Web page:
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UPCS

Asia Pacific Nuclear Energy (APNE 24)

Ux Weekly
VOL 34 | NO 34
24 | AUG | 2020
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Is a Supply Pinch Developing?

Over the last three months, we have witnessed the spot uranium price decline from a peak of $34.00 in late May to its current level of $30.75, due in large part to a slowdown in spot purchasing activity and more encouraging production-related news over the last month, as Cameco expects to restart its Cigar Lake mine in September and wellfield development resumed at Kazakh ISR projects earlier this month. After the spot uranium price increased by nearly $10, or 40%, from late March through late May, it is not entirely surprising that the spot price has pulled back by 10% since reaching its recent peak. However, this does not diminish the fact that supply and demand fundamentals are now becoming tighter than they have been in quite some time.

Earlier this year, UxC projected 2020 primary production would total over 142 million pounds U3O8, but as a result of the COVID-19 pandemic and related production suspensions enacted at several mine sites, we now expect 2020 primary production to reside closer to 122 million pounds U3O8, a reduction of 20 million pounds U3O8, or just over 14%. More importantly, this reduction to primary production has accelerated the rate of inventory drawdown in the market and eliminated low-cost supplies that were readily available only a few months ago. Furthermore, Kazatomprom announced its intention last week to continue maintaining Kazakh production at 20% below the planned levels of its subsoil use contracts through 2022, with no additional production intended to replace volumes lost in 2020. Kazakh production in 2022 is therefore expected to total between 22,000 tU (57.2 million pounds U3O8) to 22,500 tU (58.5 million pounds U3O8), compared to the total expected subsoil use contract level of 27,500 tU (71.5 million pounds U3O8) to 28,000 tU (72.8 million pounds U3O8). Additionally, there are indications that 2021 output in Kazakhstan, which was already expected to be 20% below subsoil use contracts, could be negatively affected by limited wellfield development this year.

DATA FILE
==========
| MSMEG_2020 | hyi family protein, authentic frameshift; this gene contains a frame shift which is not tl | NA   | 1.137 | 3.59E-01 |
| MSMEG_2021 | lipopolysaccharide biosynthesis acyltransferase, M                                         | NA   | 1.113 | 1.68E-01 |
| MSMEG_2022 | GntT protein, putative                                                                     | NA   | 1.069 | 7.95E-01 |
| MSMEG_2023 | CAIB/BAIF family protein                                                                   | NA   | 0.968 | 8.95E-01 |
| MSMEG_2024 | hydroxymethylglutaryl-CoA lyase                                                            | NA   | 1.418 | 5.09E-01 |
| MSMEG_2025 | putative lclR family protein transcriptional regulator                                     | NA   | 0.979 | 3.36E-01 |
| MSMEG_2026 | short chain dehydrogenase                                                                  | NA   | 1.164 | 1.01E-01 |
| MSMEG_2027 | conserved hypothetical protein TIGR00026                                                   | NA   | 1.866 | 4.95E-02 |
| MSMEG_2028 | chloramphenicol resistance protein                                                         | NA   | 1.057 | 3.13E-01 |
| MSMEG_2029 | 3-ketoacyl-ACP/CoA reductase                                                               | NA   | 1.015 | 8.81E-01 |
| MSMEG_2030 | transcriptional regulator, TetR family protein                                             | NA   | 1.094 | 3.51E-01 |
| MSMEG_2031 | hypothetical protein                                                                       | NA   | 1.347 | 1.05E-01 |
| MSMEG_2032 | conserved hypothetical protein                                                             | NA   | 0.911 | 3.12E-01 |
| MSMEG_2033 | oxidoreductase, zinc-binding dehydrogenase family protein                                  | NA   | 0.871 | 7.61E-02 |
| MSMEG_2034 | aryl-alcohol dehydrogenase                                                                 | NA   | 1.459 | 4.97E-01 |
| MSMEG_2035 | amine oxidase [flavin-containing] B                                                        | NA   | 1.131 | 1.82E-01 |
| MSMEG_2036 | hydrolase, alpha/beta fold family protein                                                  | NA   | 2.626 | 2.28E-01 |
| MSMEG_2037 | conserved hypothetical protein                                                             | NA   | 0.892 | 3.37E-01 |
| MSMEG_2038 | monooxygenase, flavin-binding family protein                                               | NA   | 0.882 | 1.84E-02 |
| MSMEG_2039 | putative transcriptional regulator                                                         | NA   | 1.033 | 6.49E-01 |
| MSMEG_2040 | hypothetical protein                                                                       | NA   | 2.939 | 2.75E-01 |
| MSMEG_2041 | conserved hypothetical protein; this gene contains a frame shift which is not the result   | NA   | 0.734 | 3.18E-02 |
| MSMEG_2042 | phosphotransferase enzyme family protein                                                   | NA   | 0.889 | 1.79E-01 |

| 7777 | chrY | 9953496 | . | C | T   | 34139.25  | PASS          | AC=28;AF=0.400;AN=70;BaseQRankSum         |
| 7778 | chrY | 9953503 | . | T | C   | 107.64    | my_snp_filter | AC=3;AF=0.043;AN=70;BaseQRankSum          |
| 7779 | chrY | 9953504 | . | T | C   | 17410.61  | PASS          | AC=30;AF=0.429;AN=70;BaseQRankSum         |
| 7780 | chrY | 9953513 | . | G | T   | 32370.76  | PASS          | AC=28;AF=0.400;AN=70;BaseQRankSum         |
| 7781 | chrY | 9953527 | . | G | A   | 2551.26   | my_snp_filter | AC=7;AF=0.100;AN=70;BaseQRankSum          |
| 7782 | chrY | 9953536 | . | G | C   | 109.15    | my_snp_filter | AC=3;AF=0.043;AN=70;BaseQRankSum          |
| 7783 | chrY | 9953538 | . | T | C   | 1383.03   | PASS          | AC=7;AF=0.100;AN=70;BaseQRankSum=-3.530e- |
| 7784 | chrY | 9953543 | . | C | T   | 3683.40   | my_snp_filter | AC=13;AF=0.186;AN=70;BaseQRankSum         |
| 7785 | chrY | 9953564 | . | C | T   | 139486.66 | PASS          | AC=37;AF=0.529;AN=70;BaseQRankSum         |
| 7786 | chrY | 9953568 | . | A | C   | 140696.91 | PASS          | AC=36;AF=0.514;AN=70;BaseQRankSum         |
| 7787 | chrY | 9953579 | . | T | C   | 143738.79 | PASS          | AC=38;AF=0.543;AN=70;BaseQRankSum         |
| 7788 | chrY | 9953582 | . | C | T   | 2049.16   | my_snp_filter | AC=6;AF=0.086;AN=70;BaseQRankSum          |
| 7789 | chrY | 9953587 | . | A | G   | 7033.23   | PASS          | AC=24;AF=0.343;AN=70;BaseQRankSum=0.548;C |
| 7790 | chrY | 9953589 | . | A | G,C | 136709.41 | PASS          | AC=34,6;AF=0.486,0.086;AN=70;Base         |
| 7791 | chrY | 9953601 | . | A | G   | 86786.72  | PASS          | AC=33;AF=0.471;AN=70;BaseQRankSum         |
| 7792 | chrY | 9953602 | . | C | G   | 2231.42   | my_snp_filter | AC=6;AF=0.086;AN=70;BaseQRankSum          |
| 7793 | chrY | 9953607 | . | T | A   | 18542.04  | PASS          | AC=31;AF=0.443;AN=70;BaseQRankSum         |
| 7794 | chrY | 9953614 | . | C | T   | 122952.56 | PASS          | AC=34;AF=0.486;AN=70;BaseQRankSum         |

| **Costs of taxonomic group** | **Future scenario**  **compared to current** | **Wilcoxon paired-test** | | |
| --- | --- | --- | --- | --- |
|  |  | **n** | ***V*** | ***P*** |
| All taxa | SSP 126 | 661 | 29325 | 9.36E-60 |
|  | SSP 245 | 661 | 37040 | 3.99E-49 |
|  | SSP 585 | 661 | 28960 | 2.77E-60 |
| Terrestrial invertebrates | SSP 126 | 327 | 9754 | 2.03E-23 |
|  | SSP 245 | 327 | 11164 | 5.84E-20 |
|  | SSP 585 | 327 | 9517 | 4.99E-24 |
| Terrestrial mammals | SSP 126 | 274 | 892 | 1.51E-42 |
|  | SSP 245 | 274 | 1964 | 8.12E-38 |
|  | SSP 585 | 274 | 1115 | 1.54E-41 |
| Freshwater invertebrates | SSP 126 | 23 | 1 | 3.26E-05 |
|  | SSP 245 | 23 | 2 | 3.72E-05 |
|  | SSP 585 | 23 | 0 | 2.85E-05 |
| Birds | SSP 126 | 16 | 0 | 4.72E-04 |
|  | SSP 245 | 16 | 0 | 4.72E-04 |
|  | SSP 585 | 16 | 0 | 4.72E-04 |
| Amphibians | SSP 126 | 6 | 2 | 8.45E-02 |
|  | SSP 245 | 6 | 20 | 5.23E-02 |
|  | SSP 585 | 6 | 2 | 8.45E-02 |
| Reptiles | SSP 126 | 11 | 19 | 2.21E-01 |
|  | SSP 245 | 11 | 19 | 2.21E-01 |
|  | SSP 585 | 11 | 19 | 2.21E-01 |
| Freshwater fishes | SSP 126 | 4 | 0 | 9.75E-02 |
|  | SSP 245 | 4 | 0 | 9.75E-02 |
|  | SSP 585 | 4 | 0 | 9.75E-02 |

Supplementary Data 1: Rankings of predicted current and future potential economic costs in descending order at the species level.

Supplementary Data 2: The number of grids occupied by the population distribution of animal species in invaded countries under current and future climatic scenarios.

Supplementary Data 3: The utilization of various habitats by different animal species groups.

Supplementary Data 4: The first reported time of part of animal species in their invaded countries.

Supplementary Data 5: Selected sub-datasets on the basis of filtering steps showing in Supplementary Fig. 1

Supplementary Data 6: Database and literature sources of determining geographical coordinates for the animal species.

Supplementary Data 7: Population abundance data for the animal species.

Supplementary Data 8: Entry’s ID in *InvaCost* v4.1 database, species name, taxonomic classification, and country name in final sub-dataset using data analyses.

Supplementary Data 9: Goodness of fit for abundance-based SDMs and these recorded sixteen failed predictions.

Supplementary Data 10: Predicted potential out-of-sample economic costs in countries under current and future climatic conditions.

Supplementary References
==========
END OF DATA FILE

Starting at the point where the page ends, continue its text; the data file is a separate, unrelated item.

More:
Kazatomprom also said that it cannot rule out the possibility of further production disruptions due to COVID-19 in maintaining the health and safety of its employees. In addition, the company iterated that “it does not expect to return to full subsoil use contract production levels until a sustained market recovery is evident, and demand and supply conditions signal a need for more uranium.” Kazatomprom is often accused by some as being inflexible in its production mindset, but the company’s latest statement would suggest otherwise, especially as the world’s lowest-cost and largest uranium producer.

Next year will also result in the shutdown of two longstanding uranium production centers. Energy Resources of Australia’s (ERA) Ranger facility is entering its final year of production, as the mill has been processing stockpiled ore over the last several years. Meanwhile, Orano is scheduled to halt production from its COMINAK (Akouta) project in Niger in March of next year due to the depletion of uranium reserves. Combined, the two projects are expected to account for ~6.5 million pounds U3O8 in 2020, but at one time yielded over 18 million pounds U3O8 at peak production. There are still questions regarding how long Orano’s SOMAIR (Arlit) project in Niger will operate, as UxC anticipates higher-grade ore there be exhausted around 2024 unless more reserves are delineated, or a toll arrangement is made with Global Atomics’ attractive, yet undeveloped, Dasa project.

Aside from operating uranium projects being retired, U.S. utilities also face the potential for substantially reduced uranium feed under an extended Russian Suspension Agreement (RSA). It appears that enrichment services-only contracts could account for a large percentage of the import limit after 2020, with natural uranium imports becoming more heavily restricted under a revised RSA.

All these recent developments bring up the broader question of whether a supply squeeze could be emerging. As inventories continue to be depleted and other secondary supplies, including government stockpiles and enricher underfeeding, gradually recede from the supply picture.

Moreover, it is important to highlight that U.S. utility term contracting has been quite low (in comparison to non-U.S. utilities) over the last several years, averaging only 22.1 million pounds U3O8e per year from 2011 through 2019. This contrasts against average U.S. uranium requirements of ~50 million pounds U3O8e per year over the same period in UxC’s URM base demand case. Thus, U.S. utility term contracting will clearly need to increase rather substantially in the next few years at the same time that the market is characterized by tightening primary and secondary supplies.

Of course, some might argue that there is plenty of idle production capacity waiting in the wings, namely excess Kazakh ISR capacity and the suspended McArthur River mine in Canada. Yet, as demonstrated by Kazatomprom’s recent announcement, there is no rush to bring sidelined production back online until market conditions, namely higher prices, point toward an incentive to do so. In past industry interviews, both Cameco and Kazatomprom have indicated the need for much higher term prices to incent the return of idle or suspended production. Thus, while uranium prices have recently retreated slightly from earlier gains tied to the immediate effects of the COVID-19 pandemic, potential buyers should refrain from becoming too comfortable as market fundamentals indicate that a real supply pinch could emerge sooner than expected. Caveat Emptor!

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